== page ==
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Ginger and Marmalade Flapjacks

When I first started baking three or four years ago I started out with flapjacks, having heard they are so simple you can even let the kids make them. They sounded foolproof. I quickly proved that wrong with several batches being so bad even the local birdlife passed them over in favour of some fried chicken bones on the path. Reminded to never to make my ungrateful feathered friends those lard and seed things Blue Peter used to tell me about, I have been in a sulk with flapjacks ever since.

An impromptu visit to The Beanery in Loughborough Junction the other day piqued my interest again with their delicious ginger flapjacks. The warm tingle of ginger lifted the oats nicely, but made with that American upstart corn syrup instead of good old British golden syrup, they lacked the stickiness I crave in a flapjack. There was nothing else for it but to try and make my own. I decided to use syrup and add the gooey-ness of a blob of homemade marmalade to really give my teeth something to sink into.

Excited by this flavour combo, but still nervous there would be a repeat of the Massive Crumblings™ of yore, I needed a failsafe recipe and safe hands. I turned to Felicity Cloake and her Perfect series, reading her recipe and all the comments from flapjack lovers underneath. It looked promising.

Ginger and Marmalade Flapjacks (adapted from Felicity Cloake’s recipe)

  • 150g salted butter
  • 3 tablespoons golden syrup
  • 2 tablespoons dark muscavado sugar
  • 3 tablespoons marmalade (pop a bit more in if it’s very coarse cut)
  • 4 teaspoons ground ginger
  • 250 g porridge oats
  • sliced stem or crystallised ginger

Line a tray (I used a 23cm by 23cm one) with greaseproof paper and preheat the oven to 150℃. Melt the butter, sugar and golden syrup together until bubbling gently, then add in the marmalade and as soon as it is melted, take off the heat. Put the oats and the ground ginger and sliced ginger in a bowl and add in the butter-syrup mixture, stirring well. Once you’ve marvelled at how seemingly healthy oats soak up butter like a hungry sponge, spread the mix out in the tray well, making sure you fill the corners properly. Bake for 25 minutes. I took mine out when they were still a bit anaemic looking but they darkened as the residual heat cooked them a bit more outside the oven.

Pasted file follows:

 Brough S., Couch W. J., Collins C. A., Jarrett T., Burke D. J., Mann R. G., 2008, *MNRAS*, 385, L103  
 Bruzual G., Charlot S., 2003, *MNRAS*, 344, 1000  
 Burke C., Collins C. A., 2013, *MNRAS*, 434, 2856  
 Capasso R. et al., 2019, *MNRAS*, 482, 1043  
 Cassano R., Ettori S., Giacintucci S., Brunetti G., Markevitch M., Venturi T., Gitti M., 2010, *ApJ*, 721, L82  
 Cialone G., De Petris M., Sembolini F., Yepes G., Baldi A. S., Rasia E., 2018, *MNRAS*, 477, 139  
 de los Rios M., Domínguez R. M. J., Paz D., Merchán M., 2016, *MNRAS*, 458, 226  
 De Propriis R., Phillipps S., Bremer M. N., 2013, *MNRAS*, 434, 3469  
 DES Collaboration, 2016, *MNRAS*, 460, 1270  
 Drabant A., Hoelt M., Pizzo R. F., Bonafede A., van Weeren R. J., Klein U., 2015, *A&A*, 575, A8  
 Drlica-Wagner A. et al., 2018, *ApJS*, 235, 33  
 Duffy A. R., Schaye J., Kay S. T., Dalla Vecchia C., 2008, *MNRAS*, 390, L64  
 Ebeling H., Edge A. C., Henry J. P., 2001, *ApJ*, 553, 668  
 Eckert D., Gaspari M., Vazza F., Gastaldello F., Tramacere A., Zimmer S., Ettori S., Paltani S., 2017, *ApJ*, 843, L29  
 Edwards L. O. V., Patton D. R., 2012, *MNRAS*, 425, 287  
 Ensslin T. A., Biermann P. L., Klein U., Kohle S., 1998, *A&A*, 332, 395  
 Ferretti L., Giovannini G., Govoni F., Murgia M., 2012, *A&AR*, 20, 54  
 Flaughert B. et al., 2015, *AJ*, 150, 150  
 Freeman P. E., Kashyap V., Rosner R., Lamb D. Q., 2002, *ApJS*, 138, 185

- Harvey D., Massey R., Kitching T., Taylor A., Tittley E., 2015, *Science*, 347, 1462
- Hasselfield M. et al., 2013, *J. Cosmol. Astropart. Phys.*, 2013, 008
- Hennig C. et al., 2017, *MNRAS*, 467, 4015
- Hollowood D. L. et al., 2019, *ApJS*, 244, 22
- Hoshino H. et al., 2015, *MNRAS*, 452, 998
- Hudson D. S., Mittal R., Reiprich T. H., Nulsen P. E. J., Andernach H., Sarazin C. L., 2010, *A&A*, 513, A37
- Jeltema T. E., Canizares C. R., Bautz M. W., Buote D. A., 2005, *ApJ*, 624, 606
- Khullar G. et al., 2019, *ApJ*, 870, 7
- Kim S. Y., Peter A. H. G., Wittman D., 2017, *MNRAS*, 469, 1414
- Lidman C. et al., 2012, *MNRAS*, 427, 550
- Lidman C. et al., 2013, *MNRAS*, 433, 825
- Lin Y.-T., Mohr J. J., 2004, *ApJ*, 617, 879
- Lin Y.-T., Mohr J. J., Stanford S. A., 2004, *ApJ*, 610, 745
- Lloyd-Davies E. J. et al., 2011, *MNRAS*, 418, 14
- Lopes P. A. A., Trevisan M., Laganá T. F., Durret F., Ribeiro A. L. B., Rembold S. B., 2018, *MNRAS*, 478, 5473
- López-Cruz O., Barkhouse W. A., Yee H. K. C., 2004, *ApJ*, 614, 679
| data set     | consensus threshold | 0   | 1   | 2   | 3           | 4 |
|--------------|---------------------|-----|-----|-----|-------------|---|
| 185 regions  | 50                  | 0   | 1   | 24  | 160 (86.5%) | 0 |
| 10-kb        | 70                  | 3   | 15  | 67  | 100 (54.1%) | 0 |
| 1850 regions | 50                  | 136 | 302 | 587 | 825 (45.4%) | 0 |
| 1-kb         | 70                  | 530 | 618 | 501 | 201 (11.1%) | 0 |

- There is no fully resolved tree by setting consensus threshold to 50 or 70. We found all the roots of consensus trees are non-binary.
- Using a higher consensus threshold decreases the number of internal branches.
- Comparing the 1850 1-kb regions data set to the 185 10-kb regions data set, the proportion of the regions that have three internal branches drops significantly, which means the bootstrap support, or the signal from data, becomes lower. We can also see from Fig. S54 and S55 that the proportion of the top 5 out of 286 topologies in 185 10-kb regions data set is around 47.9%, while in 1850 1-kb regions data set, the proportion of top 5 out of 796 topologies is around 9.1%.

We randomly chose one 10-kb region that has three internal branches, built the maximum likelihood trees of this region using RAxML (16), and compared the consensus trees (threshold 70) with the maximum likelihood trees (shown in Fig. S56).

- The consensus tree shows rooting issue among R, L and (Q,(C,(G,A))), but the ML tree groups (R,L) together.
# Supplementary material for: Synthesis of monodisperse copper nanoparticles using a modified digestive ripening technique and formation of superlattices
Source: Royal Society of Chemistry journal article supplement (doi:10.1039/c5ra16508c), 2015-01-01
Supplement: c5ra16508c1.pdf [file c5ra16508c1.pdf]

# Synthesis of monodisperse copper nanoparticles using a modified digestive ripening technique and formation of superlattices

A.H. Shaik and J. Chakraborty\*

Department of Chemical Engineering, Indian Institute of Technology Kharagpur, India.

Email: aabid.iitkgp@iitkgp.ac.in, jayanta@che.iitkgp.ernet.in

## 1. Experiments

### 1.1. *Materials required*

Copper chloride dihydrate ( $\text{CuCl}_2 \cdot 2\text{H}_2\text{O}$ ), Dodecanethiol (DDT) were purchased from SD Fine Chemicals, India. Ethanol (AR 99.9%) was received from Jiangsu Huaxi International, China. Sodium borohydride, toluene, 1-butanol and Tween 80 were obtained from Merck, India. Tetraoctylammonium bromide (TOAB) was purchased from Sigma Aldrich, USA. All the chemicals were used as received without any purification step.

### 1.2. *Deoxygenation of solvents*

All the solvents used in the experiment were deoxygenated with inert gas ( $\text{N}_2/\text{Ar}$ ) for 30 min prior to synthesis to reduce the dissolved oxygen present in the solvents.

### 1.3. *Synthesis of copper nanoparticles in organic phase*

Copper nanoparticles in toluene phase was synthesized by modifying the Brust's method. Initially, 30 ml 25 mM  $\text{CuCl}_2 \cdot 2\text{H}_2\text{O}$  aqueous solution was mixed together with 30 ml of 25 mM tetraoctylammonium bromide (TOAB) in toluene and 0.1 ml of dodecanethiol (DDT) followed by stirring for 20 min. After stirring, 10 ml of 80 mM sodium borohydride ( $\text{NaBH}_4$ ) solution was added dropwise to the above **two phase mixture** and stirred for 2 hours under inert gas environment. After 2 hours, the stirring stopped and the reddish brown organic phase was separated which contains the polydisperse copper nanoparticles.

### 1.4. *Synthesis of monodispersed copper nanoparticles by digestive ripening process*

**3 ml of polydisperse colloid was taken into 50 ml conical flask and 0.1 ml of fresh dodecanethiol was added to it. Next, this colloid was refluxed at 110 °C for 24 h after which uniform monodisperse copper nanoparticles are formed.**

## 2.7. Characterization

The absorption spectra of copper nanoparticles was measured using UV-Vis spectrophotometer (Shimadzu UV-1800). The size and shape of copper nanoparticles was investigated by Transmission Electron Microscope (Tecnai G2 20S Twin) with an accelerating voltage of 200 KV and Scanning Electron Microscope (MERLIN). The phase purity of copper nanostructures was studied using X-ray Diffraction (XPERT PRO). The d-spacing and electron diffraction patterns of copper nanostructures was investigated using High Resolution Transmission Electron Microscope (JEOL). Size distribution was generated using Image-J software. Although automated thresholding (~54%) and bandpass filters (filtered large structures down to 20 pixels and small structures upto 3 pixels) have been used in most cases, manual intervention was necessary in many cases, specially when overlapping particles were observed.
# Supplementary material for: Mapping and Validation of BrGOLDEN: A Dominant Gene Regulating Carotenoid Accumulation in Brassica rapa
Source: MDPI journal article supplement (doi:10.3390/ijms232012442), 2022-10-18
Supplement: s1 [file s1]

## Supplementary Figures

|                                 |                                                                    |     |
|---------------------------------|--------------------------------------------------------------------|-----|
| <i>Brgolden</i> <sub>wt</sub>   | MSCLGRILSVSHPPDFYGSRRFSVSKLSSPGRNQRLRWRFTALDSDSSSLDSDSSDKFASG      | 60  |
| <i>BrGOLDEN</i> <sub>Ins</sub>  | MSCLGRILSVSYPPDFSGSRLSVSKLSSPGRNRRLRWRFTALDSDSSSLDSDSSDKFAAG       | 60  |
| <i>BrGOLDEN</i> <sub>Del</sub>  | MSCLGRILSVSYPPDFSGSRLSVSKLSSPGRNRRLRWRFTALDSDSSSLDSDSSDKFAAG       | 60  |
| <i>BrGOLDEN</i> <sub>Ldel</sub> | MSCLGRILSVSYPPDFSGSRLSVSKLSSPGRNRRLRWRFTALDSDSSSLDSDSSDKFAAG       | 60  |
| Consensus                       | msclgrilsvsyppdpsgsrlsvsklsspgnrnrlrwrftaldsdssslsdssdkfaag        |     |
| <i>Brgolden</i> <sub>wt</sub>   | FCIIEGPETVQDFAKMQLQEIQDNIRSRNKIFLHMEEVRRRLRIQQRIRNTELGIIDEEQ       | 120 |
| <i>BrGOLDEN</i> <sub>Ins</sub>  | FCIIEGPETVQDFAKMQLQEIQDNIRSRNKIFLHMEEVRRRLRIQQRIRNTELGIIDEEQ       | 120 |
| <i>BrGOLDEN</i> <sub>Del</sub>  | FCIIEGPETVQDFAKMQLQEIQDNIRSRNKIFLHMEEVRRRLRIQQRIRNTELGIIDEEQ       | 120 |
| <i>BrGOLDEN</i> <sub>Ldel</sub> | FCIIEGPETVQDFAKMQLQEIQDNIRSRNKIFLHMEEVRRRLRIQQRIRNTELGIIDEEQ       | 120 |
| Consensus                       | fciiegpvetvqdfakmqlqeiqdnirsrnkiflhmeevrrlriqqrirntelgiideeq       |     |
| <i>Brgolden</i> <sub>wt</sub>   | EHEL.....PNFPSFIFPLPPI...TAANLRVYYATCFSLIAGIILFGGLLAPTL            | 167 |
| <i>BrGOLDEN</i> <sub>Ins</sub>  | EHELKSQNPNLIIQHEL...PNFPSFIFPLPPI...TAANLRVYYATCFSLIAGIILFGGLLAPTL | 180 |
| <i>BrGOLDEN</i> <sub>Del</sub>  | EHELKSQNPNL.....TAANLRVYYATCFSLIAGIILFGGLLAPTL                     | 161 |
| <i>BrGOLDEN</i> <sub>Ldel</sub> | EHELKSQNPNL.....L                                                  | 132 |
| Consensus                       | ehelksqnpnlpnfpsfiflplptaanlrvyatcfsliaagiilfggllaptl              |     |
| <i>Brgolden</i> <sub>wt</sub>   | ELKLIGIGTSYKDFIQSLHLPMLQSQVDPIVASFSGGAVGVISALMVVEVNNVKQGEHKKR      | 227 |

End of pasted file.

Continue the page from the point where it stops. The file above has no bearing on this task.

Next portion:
Cool for about 5 minutes, then cut into pieces. I got 9 ‘I’m going on a ten mile hike’ sized chunks or 16 ‘just a mouthful ones’. I then on Felicity’s advice left them to cool completely in the tray to stop them falling apart when lifted out. The wait nearly defeated me but I was rewarded by a nice symmetrical traybake which was delightfully firey with ginger and tangy with marmalade peel and slivers of candied ginger. Best served with a cup of good strong tea, they will theoretically keep well in an airtight container, but bolstered by my first ever flapjack success, I failed to have any notable leftovers. The flapjack jinx is over!

Yellowman meets yellow butter…

Having invited some friends to Sunday brunch, I wasn’t quite sure what to make. Combining two meals into one raises the stakes somewhat and a rubbery fried egg and some cold toast wouldn’t cut it. So I googled brunch ideas and the clear winner was this Bill Granger recipe for ricotta pancakes with honeycomb butter. Soft fluffy pancakes with sweet crunchy butter sounded just the ticket and offered the perfect opportunity to educate my English and American guests about proper yellowman instead of this honeycomb malarkey…

Yellowman is the Irish name for this aerated sugar creation you probably know as the middle of a Crunchie bar or possibly as cinder toffee. It is famed throughout Ireland and particularly associated in the North with the famous Auld Lammas Fair in Ballycastle around the end of August. Paper cones or pokes of yellowman were served at the fair, traditionally accompanied with the famous dulse or dried seaweed. Perhaps an Irish precursor of the salted caramel trend we all know and love now, I found this combo utterly revolting as a child. Dulse had the texture of shoe leather dipped in salt and I could never understand why people brought it back from Ballycastle for us. I already hadn’t been on holiday, why punish me further? I might feel differently these days though.

I loved yellow man though with its sticky rough crunchy feel and glorious sunny colour reminiscent of late summer sunshine and long weekends before school started again. Skipping the side dish of dulse and adding it into butter sounded like improving on something already pretty perfect. Filled with the warm glow of childhood memory and refined sugar, I decided I would live dangerously and make my own yellowman for this recipe as I remember people making it when I was a child and saying how easy it was.